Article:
The chairman of the Senate Judiciary Committee said Sunday he will not ask Supreme Court nominee John Roberts (search) whether he would vote to overturn the landmark decision that legalized abortion.

Sen. Arlen Specter (search), R-Pa., did say he planned to ask Roberts, the president's pick to succeed the late William H. Rehnquist as chief justice, whether there is a right to privacy in the Constitution.

Specter said he was uncertain whether Roberts would favor overturning the Roe v. Wade (search) decision from 1973 that established a right to abortion. Specter supports a woman's right to choose to end her pregnancy.

"I think it is inappropriate to ask him head-on if he's going to overturn Roe, but I believe that there are many issues close to the issue, like his respect for precedent," Specter told a Sunday news program.

Roberts will appear before the Senate Judiciary Committee to be peppered with questions on everything from abortion, separation of church and state, civil rights and the death penalty. But barring any surprises, most on Capitol Hill expect he will ultimately win confirmation.

The proceedings, which begin on Monday at noon, will delve into all facets of Roberts' judicial and legal background. What may complicate the process a tad is that President Bush has nominated Roberts to the top post of the High Court.

"I am honored and humbled by the confidence that the president has shown in me. And I'm very much aware that if I am confirmed, I would succeed a man I deeply respect and admire," Roberts said after the announcement.

Prior to Rehnquist's death, Roberts was nominated to replace outgoing Justice Sandra Day O'Connor (search). Laura Bush said in a radio interview this week that she doesn't expect her husband to nominate another justice to fill O'Connor's seat until after Roberts is confirmed.

As for Bush, he's pushing for a speedy and fair confirmation process.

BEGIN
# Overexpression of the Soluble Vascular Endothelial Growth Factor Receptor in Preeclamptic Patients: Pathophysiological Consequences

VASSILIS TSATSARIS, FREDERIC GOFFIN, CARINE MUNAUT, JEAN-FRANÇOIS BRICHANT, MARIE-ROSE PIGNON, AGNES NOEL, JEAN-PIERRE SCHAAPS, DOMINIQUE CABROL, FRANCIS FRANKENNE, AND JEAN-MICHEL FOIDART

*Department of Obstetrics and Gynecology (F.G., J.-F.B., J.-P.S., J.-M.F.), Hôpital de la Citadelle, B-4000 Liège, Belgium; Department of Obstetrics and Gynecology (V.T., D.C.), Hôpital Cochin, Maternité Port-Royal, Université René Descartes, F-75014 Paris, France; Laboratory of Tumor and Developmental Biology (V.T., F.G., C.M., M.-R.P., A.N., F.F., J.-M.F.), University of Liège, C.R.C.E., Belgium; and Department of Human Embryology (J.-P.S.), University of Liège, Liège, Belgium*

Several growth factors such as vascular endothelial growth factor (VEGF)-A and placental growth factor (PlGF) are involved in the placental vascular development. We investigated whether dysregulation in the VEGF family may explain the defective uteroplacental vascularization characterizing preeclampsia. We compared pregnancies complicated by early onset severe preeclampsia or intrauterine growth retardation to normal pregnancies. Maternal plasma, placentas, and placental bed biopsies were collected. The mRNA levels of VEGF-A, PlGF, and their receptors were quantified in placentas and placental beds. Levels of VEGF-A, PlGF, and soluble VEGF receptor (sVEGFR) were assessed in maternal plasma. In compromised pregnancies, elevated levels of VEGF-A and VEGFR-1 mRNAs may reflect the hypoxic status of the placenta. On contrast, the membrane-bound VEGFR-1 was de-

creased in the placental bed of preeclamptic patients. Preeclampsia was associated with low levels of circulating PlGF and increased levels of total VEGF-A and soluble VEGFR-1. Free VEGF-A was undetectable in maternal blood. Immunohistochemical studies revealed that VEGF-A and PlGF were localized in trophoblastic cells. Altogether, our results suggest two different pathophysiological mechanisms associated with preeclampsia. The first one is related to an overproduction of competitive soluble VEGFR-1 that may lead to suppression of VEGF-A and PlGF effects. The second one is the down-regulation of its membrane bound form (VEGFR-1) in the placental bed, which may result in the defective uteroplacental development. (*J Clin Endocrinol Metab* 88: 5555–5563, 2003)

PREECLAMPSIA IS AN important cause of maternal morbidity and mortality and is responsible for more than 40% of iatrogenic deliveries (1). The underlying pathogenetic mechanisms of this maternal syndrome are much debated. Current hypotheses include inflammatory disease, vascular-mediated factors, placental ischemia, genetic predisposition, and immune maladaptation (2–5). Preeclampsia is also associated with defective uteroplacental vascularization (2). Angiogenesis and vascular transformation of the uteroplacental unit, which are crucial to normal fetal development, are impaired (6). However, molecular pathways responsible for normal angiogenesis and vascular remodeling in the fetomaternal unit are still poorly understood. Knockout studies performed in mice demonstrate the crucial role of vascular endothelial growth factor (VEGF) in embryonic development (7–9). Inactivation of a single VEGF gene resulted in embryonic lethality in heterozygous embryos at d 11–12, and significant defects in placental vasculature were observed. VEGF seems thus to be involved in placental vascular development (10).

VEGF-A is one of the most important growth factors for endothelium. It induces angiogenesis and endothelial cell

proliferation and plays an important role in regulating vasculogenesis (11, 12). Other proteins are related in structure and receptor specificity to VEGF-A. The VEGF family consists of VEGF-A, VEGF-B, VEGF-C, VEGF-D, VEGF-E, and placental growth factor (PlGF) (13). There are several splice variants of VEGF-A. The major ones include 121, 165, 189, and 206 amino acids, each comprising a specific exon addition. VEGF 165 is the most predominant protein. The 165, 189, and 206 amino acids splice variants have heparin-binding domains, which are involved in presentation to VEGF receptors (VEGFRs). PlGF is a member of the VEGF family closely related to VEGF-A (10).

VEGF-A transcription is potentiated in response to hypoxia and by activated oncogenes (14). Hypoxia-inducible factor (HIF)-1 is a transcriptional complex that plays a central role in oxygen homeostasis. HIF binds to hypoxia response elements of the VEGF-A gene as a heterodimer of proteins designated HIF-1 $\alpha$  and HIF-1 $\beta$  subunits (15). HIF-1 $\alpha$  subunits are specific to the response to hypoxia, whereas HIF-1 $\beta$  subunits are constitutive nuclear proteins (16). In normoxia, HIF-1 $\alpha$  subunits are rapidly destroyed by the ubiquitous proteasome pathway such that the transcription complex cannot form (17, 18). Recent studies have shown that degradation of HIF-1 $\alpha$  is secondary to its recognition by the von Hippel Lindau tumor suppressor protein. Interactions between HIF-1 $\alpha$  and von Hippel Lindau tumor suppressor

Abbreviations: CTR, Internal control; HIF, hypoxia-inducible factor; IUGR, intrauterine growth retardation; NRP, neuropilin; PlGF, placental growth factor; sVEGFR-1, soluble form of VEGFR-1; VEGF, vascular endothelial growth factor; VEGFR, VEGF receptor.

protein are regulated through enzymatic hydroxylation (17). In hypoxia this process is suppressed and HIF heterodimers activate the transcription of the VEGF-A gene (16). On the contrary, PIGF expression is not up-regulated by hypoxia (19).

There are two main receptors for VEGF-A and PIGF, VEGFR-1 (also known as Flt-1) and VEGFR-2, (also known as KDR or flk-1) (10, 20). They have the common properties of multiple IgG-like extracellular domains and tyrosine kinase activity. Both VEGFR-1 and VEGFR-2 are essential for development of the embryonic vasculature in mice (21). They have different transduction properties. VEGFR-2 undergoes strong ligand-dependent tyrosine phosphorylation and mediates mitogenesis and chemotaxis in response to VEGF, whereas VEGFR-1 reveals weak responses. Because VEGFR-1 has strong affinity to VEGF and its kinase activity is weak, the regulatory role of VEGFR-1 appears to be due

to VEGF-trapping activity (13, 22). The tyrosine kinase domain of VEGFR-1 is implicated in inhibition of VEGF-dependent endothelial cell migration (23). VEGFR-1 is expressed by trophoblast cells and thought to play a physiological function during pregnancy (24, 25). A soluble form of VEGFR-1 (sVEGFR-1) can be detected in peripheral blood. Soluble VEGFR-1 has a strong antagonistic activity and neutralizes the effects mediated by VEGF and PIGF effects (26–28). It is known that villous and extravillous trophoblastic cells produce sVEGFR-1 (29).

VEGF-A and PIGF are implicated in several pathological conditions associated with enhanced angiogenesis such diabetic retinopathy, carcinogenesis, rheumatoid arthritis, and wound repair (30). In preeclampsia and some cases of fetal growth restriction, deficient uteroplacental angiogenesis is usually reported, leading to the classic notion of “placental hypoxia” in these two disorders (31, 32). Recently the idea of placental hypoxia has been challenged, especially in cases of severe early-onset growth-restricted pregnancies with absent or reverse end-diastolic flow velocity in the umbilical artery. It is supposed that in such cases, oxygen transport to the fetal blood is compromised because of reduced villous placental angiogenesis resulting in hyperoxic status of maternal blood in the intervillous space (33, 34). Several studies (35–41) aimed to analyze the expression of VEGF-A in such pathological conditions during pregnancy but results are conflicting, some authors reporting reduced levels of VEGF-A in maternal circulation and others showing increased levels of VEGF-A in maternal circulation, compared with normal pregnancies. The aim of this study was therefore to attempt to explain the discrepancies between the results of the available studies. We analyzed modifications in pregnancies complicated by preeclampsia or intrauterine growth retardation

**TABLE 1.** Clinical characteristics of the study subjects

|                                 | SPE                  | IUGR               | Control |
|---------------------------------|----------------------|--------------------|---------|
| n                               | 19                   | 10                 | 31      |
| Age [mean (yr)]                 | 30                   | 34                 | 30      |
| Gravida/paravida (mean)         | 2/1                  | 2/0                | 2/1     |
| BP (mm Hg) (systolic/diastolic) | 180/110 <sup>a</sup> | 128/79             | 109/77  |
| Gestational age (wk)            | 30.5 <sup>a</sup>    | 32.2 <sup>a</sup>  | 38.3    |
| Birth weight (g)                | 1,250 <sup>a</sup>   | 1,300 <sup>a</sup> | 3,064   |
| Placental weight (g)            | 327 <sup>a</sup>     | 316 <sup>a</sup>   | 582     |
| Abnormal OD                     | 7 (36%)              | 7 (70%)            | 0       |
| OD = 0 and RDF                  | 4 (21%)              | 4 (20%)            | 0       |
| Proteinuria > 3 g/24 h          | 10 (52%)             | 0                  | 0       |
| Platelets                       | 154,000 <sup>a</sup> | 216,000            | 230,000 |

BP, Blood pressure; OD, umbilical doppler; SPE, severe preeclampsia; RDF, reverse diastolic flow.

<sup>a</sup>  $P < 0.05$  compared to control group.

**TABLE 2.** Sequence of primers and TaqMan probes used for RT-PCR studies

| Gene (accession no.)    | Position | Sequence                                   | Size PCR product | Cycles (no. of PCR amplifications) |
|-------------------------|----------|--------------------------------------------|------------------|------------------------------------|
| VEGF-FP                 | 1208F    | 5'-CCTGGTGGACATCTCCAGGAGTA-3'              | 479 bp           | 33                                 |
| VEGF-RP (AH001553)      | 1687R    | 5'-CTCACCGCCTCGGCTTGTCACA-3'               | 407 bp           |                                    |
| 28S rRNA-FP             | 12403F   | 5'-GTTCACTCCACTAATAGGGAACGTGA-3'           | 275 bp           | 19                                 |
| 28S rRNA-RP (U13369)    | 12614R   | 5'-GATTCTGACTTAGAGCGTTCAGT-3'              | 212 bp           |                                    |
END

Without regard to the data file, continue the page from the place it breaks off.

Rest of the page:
"They know his record and his fidelity to the law," Bush has said of the senators who will be questioning his nominee. "I'm confident that the Senate can complete hearings and confirm him as chief justice within a month."

Next week's hearings are the second attempt to push the president's pick for the judicial bench through. There was a weeklong delay after Rehnquist's death; Roberts served as a pallbearer for the late chief justice.

Since his initial July nomination, Roberts has visited lawmakers on Capitol Hill several times; Friday was the last day he spent paying those courtesy visits. In addition, 50,000 documents related to his legal and professional past have been released.

But Democrats have been decrying the amount of paperwork released on Roberts, saying they need more information to ensure the next potential Supreme Court justice will not be too extreme and who will serve the best interests of the country. Just this week, Democratic leaders wrote a letter to Bush asking to ensure their input on O'Connor's replacement.

Roberts' opponents call the nominee a right-wing corporate lawyer with a thin record that raises serious concerns.

"I think they have a duty to present why people should not be afraid of Judge Roberts," Sen. Patrick Leahy, D-Vt., has said.

Republicans say Roberts is a solid conservative and point to his credentials, including how he served as the U.S. deputy attorney general, worked in the attorney general's office during the Reagan administration and in 1980, clerked for Rehnquist, who was then an associate justice.

White House spokeswoman Dana Perino said a nominee's credentials, ethics and temperament have been the traditional criteria for confirming justices.

"That's what President Bush found in Judge Roberts and what he'll look for in the nominee for the new vacancy," she said. "The president has a constitutional responsibility to nominate someone to the bench, and no one should have veto power over the president's constitutional responsibility."

FOX News' Jennifer Davis and The Associated Press contributed to this report.